Investment deal text: GATS+ commitments, language on forced tech transfers
Among the developments listed in the CAI agreement-in-principle is language that would aim to prevent forced technology transfers, which was the subject of a WTO dispute between the two sides that was launched over two years ago.
Many EU businesses have long complained that establishing joint ventures or otherwise establishing themselves to do business in China meant agreeing to onerous contractual terms, often involving the transfer of intellectual property, that domestic companies do not face. The EU consultations request that launched the dispute says that “[t]he Chinese measures at issue appear to: (i) discriminate against foreign holders of intellectual property rights, and (ii) restrict the foreign right holders’ ability to protect certain intellectual property rights in China, contrary to China’s WTO obligations.”
The EU-China dispute has not advanced past the consultations phase, which is the first stage of any WTO case, and Beijing’s national investment legislation from 2019 includes an explicit prohibition of mandatory technology transfers.
The CAI agreement-in-principle also describes a “positive list” approach for market access, meaning that only those sectors included in the CAI schedules are subject to new commitments. On most-favored nation and national treatment, the CAI will use a negative list approach on a set of annexes, meaning that all sectors are covered unless specifically excluded. Further details on what those annexes cover are not currently named in the text.
The text published by the EU notes that China has agreed to go beyond what it has currently agreed to under the WTO’s General Agreement on Trade in Services (GATS) in several areas. These so-called GATS+ commitments would apply to sectors ranging from financial services to environmental services, among others. The document also flags “comprehensive commitments in the manufacturing sector” by China, while noting that commitments are less extensive in some other sectors, namely agriculture, fishing, mining, and energy.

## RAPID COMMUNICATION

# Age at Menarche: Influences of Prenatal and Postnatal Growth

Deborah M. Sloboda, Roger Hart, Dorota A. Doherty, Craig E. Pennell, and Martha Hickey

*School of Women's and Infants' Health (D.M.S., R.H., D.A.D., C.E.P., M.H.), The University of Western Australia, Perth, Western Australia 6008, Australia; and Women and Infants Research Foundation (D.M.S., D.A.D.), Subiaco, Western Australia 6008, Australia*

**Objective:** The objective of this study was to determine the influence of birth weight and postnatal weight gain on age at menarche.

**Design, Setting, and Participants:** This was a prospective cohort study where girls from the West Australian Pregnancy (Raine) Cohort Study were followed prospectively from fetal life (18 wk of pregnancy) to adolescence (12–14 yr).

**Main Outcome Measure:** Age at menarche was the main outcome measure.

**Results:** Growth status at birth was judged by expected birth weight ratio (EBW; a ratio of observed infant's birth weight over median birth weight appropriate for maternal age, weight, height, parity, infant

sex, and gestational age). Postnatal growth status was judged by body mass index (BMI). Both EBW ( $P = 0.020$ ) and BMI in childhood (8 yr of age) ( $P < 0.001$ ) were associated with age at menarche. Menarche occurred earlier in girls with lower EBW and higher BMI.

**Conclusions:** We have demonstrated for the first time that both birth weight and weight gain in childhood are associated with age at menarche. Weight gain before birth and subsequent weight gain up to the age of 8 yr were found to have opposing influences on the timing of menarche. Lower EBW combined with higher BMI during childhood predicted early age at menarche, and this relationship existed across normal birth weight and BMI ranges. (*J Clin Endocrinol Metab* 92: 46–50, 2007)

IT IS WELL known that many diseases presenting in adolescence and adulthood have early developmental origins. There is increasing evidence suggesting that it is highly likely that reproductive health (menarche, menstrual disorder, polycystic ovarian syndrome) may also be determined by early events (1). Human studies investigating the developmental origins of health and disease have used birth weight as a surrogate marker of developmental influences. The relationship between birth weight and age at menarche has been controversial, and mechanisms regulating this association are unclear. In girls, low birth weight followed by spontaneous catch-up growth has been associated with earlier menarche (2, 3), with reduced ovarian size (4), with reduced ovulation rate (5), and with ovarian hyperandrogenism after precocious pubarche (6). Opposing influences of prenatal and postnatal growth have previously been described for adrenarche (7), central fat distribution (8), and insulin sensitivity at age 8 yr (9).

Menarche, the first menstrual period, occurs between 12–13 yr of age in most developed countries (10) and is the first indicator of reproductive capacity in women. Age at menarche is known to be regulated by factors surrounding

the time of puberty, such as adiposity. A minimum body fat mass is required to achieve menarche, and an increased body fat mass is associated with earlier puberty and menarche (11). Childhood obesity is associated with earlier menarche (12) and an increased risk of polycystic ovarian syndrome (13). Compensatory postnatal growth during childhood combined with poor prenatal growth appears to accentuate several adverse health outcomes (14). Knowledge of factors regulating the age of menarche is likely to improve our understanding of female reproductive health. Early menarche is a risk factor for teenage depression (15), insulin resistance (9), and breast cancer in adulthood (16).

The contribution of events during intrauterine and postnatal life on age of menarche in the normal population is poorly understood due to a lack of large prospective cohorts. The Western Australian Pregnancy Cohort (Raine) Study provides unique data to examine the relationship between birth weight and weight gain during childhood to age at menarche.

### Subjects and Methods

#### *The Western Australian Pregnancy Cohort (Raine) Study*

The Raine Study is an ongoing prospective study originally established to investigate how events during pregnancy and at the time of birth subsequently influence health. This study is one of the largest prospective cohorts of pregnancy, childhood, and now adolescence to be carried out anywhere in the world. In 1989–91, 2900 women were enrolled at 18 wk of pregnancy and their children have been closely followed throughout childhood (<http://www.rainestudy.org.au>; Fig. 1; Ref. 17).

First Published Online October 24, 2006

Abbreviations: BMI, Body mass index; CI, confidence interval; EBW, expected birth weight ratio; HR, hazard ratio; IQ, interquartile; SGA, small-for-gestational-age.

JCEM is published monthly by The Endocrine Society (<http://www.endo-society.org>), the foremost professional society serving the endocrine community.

The agreement-in-principle also describes a slate of sustainability provisions, including “commitments to effectively implement the Multilateral Environmental Agreements – including the UN Framework Convention on Climate Change and the Paris Agreement” and “commitments not to lower the standards of labor and environmental protection to protect investment.” Also listed are several commitments related to the implementation and/or ratification, as relevant, of the International Labour Organization’s (ILO) Conventions, among other provisions.
The weeks since the CAI announcement have seen intensified debate over the accord’s merits and limitations, including whether the accord is sufficiently ambitious on areas such as labor rights and human rights. The final text is not yet complete, and the timeframe for concluding technical discussions and a subsequent “legal scrub” had not been announced at press time, though the EU has said that related talks on investment protection and investor-state dispute settlement should conclude within two years after the CAI’s signature.